The winds of magic blew, flowing though the assembled war host of the Vampire Counts. Unconsciously, Count Mannfred von Carstein beckoned it forth, curling it around the outstretched talons of his left hand, until it coalesced and sank into the hordes of his undead host below as a fog. In the night sky, the moons Mannslieb and Morrslieb waxed ever higher. The pale light of Mannslieb mingled with the lurid green light of Morrslieb, glinting off the rusted, ancient armor of thousands of undead thronging the plains below. From every rotten fen, crooked moor, blighted plain, and twisted forest they came. For thousands of years, armies have marched and fought across the Old World. In dread Sylvania, unmarked graves lie beyond counting. Here, now, its seemed as though not one had been left undisturbed. From the great barrow mounds of the Wight Kings to the catacombs of the ghouls, Count Mannfred von Carstein’s host seemed beyond counting.
From behind him, the soft rustling of robes and the beating of his human heart foretold the return of the Dread Master of Liches, Roderic, the Master Necromancer. “Count Mannfred, the Grand Marshall, Rollo von Carstein, and his ilk, await you in the war room.” Behind the Master Necromancer, the dimly glowing eyes of Frideger, the Spear of Peace, greatest of the Wight Kings, stared silently over the Count, ever vigilant. His armor was ancient, older even than the vampire’s rulership of these lands. His stone spear bled power to Count Mannfred’s gifted sight.
Wordlessly, Count Mannfred strode into the great tent and the war room. There, peering down over the ancient maps of the city of Templehof and its surrounding lands, stood Rollo von Carstein. He spoke in hushed tones with Wealdmear, the most recent Wight King to have joined the Count’s forces. Like Frideger, this one has raised itself from its barrow mound, seeking only death and destruction. It rode into camp atop an Arachnarok Spider, one slain by the Grand Marshall and his followers in the months prior during their skirmishes with the foolish Red Eye goblins of Karak Ungor. Behind these two was Ziegfried von Carstein, adorned in a cloak seemingly spun of molten gold. Here was the embodiment of the Midnight Aristocracy’s charm. When he and Glaedwine, Seneshal of Castle Drakenhof and Count Mannfred’s own scion, competed for the hearts of maidens, none were left unspoiled. Further back still stood the gaunt and decrepit vampire, Oliver Darkh. Descended not from the von Carsteins, but from the Necrarchs, Oliver was the most magically learned of the Count’s assembled host save for himself and the Dread Master of Liches. If they were not soon separated, Roderic would challenge Oliver to a necromantic duel that the Count could ill afford on the eve of battle. With Oliver stood the failed experiment of Master Necromancer Gustav Oppen, which the others had taken to calling the Gorgon. Hideous, even to a vampire, the creature wore his full helm to veil his petrifying gaze. His ragged breathing, testimony to his failed training as a vampire, rattled out from behind his visor.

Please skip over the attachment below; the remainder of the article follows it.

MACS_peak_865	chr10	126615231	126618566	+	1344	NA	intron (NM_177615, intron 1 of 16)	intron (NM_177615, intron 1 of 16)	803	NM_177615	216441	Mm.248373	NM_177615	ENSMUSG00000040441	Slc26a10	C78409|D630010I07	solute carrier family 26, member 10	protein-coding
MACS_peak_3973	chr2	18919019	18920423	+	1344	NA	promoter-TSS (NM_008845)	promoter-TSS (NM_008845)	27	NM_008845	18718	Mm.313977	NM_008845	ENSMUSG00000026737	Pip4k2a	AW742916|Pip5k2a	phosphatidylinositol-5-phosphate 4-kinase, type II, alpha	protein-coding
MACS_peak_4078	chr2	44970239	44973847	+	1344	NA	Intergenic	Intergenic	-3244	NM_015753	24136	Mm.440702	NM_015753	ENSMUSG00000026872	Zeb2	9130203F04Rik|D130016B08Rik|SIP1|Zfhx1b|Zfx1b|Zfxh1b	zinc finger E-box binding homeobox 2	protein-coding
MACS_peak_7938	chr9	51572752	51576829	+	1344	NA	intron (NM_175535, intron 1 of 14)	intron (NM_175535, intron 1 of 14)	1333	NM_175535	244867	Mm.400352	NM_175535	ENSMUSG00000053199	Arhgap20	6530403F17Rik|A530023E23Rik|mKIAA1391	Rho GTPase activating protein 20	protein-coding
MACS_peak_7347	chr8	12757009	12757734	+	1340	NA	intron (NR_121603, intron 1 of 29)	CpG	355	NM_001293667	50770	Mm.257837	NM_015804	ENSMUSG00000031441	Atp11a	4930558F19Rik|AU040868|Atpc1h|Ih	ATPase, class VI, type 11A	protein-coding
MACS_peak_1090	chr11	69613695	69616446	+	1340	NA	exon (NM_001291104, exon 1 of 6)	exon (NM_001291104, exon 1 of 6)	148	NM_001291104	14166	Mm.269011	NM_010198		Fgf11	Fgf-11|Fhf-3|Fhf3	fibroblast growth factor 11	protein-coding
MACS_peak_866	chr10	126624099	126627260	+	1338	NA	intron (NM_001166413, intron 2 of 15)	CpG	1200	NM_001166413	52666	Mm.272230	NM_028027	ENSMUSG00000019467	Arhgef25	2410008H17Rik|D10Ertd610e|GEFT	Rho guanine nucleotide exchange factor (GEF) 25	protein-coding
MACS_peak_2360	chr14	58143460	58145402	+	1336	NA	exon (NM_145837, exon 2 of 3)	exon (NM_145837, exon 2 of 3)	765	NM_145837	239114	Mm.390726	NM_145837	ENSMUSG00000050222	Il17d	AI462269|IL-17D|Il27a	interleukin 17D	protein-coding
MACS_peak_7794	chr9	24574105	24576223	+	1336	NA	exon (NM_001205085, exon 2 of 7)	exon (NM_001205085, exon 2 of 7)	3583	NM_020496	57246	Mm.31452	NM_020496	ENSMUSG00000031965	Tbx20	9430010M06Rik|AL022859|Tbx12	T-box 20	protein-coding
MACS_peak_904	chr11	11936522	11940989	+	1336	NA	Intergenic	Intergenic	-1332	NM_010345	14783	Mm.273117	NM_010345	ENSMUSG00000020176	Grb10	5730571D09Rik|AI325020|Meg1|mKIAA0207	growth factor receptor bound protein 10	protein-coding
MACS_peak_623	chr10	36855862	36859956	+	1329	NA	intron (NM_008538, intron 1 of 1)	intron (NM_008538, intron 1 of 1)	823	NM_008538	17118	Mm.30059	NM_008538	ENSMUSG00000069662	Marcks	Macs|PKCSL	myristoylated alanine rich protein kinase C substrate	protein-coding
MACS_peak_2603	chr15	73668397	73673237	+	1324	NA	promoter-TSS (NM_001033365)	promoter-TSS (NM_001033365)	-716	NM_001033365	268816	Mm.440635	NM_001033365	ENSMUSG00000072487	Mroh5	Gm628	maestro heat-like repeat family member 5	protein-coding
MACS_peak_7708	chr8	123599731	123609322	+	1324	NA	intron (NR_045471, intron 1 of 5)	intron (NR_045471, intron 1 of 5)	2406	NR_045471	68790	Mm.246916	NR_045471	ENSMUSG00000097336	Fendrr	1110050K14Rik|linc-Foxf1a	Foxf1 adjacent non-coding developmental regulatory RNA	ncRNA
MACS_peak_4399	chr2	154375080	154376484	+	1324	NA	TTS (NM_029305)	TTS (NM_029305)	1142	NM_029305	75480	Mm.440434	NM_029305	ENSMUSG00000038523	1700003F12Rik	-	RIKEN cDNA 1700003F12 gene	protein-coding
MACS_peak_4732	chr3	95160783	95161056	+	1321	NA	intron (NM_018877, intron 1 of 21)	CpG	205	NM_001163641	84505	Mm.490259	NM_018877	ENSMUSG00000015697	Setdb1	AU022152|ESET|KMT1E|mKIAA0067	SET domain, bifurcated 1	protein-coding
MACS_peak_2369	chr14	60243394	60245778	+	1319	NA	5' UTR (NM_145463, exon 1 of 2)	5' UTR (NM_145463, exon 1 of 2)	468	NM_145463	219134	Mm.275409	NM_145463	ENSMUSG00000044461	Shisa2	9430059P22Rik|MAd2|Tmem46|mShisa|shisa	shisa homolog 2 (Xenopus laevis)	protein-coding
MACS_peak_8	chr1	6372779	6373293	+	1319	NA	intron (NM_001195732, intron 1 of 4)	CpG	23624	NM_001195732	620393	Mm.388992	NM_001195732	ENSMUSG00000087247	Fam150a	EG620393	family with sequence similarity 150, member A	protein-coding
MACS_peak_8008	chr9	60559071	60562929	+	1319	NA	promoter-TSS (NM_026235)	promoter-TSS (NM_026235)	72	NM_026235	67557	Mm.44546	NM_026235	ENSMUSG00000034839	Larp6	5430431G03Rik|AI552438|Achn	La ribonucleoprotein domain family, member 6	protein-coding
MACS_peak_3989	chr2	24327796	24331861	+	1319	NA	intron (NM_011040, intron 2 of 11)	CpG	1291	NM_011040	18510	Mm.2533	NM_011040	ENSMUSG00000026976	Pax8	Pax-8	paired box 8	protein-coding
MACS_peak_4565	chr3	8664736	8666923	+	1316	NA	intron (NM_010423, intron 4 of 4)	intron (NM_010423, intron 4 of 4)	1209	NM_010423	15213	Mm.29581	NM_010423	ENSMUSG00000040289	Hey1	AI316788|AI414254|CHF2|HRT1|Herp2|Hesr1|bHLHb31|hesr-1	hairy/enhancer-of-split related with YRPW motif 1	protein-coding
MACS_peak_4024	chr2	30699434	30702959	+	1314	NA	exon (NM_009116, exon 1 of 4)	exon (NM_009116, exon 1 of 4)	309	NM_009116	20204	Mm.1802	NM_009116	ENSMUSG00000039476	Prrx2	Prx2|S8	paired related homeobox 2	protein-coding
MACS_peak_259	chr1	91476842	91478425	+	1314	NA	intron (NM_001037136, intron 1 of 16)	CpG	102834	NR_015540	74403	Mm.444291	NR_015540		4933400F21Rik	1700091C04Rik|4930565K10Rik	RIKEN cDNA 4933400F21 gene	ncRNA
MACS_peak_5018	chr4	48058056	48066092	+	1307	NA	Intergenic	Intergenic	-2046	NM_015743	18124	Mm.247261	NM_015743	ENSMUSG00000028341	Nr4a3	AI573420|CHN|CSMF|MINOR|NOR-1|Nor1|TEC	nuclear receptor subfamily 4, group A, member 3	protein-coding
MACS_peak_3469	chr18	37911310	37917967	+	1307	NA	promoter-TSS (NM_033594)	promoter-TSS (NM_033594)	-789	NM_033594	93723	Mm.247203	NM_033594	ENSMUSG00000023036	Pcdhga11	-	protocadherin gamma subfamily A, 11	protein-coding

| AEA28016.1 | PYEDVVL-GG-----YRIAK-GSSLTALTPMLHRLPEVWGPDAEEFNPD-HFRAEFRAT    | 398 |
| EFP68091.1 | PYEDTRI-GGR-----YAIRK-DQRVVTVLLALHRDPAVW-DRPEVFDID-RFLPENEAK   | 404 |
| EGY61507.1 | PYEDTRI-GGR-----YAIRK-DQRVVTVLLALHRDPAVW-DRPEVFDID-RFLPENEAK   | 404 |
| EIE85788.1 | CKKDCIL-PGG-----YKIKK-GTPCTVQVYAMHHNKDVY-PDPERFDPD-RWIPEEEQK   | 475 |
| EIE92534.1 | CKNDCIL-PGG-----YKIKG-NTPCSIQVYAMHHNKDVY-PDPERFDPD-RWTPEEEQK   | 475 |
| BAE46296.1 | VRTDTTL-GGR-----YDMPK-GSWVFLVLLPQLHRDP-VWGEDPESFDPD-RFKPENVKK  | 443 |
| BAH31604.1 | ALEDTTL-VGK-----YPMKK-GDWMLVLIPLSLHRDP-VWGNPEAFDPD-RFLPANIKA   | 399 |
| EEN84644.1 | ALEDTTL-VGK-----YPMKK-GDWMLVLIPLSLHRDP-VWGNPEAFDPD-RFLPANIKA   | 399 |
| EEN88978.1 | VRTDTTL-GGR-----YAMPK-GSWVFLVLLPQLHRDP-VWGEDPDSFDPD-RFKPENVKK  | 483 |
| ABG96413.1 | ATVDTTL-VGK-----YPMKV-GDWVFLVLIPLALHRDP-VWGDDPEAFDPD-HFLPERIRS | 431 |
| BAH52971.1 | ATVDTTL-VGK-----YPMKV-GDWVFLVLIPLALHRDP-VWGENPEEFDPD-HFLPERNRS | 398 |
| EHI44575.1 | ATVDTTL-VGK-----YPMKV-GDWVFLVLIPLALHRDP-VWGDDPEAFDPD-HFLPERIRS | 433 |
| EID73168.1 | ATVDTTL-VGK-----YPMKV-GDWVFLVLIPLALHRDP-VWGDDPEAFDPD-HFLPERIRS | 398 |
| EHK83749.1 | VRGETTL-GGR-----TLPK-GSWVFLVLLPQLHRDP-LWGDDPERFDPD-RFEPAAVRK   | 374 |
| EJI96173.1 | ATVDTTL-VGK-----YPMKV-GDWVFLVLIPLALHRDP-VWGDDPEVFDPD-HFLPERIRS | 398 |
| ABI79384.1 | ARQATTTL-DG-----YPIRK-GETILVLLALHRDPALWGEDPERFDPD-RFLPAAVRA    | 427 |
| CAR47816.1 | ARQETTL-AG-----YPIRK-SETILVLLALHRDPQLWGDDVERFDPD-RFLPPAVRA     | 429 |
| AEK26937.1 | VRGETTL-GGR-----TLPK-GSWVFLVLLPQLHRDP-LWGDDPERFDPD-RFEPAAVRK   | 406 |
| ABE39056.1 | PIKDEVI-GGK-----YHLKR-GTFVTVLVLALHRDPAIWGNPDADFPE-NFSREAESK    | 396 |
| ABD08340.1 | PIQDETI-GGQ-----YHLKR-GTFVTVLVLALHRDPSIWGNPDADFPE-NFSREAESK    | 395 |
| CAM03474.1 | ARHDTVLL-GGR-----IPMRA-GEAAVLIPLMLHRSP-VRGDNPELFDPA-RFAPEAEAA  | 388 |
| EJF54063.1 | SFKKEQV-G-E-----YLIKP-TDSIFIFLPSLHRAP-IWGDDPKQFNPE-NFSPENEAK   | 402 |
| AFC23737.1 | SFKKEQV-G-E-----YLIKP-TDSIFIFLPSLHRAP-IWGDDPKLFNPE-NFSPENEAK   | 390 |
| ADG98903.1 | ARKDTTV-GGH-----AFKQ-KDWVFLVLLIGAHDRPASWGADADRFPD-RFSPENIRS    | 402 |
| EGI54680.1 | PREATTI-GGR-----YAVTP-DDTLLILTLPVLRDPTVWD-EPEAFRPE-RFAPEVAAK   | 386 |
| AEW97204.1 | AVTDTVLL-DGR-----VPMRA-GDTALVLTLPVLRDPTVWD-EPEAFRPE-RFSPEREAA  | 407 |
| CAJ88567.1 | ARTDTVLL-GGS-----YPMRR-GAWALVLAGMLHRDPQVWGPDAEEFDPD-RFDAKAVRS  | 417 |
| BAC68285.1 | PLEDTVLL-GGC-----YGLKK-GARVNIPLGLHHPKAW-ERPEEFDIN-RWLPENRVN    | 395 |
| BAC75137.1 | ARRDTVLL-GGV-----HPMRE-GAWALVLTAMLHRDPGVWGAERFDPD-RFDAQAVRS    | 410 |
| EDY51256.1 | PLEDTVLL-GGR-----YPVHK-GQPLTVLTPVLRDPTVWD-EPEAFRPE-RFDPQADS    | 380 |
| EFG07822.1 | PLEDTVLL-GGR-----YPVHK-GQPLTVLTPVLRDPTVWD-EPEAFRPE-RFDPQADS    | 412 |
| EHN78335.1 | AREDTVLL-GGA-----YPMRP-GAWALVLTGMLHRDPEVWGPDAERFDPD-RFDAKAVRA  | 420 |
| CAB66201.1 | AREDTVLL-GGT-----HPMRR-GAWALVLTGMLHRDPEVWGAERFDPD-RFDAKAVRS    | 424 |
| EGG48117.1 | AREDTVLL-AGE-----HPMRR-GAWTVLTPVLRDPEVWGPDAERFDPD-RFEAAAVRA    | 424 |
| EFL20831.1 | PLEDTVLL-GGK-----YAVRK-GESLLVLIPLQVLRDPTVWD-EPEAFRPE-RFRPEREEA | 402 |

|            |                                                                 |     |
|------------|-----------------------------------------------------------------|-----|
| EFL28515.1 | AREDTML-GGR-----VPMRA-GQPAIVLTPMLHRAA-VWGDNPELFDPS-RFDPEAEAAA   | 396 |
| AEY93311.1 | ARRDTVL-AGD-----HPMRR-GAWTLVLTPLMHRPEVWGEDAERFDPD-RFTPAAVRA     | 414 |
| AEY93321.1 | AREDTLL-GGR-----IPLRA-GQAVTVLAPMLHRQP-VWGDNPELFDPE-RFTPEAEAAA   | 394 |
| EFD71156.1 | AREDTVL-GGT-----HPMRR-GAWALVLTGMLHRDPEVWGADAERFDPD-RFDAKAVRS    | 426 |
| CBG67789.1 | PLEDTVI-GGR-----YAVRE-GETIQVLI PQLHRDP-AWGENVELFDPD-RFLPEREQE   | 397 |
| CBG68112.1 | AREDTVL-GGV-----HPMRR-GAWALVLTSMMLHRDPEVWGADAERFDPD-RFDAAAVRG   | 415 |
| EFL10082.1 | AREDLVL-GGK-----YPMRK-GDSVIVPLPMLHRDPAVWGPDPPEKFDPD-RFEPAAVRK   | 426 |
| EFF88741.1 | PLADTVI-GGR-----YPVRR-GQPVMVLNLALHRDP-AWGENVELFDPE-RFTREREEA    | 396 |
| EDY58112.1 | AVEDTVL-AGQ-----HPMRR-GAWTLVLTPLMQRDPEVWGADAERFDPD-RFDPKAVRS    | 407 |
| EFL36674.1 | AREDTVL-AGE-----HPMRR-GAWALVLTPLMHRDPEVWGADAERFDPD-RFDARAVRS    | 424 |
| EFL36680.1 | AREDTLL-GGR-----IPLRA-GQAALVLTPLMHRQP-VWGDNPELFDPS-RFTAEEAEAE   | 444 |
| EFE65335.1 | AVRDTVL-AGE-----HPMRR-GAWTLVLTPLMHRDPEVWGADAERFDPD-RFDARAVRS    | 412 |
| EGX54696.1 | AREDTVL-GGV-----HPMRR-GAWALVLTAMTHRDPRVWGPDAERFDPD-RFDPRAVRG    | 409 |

“Grand Marshall,” Count Mannfred spoke, “you have been granted the honor of seizing the East Gate. It is the most heavily fortified of the three gates, commanded by the Ehrenreichs themselves, and not their pathetic pawns, the Stahlbergs. Your victory will solidify your recent ascension. Your failure, should it come to pass, will ensure your swift demise. Do not fail me, Grand Marshall. The Wight Kings will inform you of the forces at your disposal. Concern yourself with the battle on the ground. The starry sky is mine.”
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